Feb 2, 2010

A media of re-affirmation

The internet changed child pornography. Not by making it more available, though there was that. Nor primarily by giving more child pornographers more access to more images of more children in sexually explicit poses. Nor even by putting more children in harm's way, (for, actually, children have been vulnerable as long as there've been children, and most abusers are family members and trusted friends, not people lurking in ugly corners of the internet). Instead, the foremost effect of the internet on child pornography has been in the creation of communities of child pornographers.

These are re-affirmative associations. So where it used to be that everyone a particular child pornographer knew thought child pornography and what a child pornographer might want to do was evil, sick and wrong, now all of the child pornographer's closest associations and all his conversations are and can be with people who affirm and encourage, endorse and legitimize. The media or form of media enabled the creation of what is essentially a society of affirmative feed-back loops. Shame was gone, with the internet. The need for secrecy, gone. There was a decrease in the internalization of critiques, which was one of the functions of society replaced by communities built around fantasies, and thus the child pornographers were loosed, in a way, allowed to escape, in their own minds, some social restraints.

The people I talked to about child pornography (a U.S. Attorney and his office, FBI agents and experts, and officers from a number of local departments involved in the controversial practice of basically baiting people into incriminating, online conversations), said the internet changed child pornographers so that what used to be cravings and impulses were, in a way, calcified into confirmed opinions and beliefs.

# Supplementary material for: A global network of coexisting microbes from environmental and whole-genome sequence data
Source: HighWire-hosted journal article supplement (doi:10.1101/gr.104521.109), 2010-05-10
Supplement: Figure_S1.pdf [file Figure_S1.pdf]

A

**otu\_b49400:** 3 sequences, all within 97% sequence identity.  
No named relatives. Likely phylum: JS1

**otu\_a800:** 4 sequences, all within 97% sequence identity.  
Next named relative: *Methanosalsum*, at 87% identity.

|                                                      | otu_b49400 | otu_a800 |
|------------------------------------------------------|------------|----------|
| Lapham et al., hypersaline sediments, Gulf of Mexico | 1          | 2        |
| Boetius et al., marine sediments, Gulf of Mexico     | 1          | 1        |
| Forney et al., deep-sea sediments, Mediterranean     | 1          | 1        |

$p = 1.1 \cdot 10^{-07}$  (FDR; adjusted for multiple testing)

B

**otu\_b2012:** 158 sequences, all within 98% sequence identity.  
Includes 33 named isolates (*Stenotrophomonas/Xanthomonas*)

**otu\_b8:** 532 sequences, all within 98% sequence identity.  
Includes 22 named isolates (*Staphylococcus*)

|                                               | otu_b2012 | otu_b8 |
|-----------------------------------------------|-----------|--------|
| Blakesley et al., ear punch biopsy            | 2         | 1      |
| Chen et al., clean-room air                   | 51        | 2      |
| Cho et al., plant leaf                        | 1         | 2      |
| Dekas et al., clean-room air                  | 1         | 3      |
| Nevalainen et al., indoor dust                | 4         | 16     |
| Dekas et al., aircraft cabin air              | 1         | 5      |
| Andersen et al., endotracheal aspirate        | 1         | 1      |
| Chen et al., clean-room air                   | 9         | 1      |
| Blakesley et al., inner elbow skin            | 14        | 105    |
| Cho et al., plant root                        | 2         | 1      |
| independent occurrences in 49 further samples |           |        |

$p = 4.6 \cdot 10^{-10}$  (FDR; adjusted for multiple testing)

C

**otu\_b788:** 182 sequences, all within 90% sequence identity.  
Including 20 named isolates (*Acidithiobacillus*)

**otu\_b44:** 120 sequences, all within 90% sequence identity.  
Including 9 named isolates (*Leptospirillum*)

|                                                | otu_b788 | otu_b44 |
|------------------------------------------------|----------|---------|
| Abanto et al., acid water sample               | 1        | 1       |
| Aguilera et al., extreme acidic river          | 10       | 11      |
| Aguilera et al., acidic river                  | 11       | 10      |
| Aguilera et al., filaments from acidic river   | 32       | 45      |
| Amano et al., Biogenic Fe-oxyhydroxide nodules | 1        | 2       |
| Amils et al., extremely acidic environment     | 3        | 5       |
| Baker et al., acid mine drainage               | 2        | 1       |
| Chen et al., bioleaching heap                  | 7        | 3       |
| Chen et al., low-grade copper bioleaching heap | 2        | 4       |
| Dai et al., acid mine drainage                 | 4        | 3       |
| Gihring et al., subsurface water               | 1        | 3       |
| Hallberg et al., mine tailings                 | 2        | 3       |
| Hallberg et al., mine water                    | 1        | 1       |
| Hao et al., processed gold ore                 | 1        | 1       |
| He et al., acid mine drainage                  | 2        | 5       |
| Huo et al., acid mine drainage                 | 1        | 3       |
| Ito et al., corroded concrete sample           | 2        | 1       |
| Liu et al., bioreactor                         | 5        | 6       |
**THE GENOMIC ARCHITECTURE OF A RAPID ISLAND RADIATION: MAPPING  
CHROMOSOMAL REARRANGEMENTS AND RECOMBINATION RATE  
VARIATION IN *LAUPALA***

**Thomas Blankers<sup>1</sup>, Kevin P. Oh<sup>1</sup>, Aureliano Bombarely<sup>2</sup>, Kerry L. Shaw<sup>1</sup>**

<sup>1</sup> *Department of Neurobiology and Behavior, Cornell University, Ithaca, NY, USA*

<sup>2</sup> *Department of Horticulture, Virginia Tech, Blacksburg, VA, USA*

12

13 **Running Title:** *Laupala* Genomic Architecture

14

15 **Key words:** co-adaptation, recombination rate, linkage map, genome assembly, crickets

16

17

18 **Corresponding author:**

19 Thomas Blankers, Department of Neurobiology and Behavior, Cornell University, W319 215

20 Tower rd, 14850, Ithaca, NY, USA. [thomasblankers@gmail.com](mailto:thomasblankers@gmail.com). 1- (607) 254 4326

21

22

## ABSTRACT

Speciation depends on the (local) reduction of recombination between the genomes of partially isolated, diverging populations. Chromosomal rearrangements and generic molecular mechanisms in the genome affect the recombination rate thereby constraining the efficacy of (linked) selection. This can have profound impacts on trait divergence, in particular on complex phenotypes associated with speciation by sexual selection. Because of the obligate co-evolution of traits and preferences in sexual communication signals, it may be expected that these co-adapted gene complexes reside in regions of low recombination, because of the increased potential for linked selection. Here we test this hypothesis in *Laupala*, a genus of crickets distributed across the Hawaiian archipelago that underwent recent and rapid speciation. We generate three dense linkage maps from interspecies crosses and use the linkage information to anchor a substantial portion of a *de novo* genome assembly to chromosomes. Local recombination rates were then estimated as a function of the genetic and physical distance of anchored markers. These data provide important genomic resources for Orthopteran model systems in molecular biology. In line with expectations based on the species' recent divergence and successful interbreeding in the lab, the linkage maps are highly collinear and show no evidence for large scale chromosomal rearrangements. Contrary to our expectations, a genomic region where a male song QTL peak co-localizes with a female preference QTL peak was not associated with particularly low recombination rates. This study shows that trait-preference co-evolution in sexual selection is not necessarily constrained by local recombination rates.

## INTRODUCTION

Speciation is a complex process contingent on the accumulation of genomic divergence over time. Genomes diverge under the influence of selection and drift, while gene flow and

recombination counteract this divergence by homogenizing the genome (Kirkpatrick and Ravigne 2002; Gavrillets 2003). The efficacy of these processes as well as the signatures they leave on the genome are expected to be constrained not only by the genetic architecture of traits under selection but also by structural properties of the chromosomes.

Of course, the internet has done this to all of us. This is the reality of the new media age. This is what happens when mass media is fractured, and communities are organized by self-selection. We occupy worlds built around ideas, our fantasies. There is a direct relationship between the multitude of media and each individuals' isolation from any information that would disagree with what one believes. The function, here, is not to broaden or educate but to re-affirm. We all live now in these loops of re-affirming feed-back, enabling us not to question ourselves, insulating us from critique, protecting us with cult-like repetitions of affirmations of our rightness. My media choices comfort me with sermons that praise me for my choices, for being chosen, for being right, always encouraging me to join and repeat again the prayer, I'm so glad I'm not like them.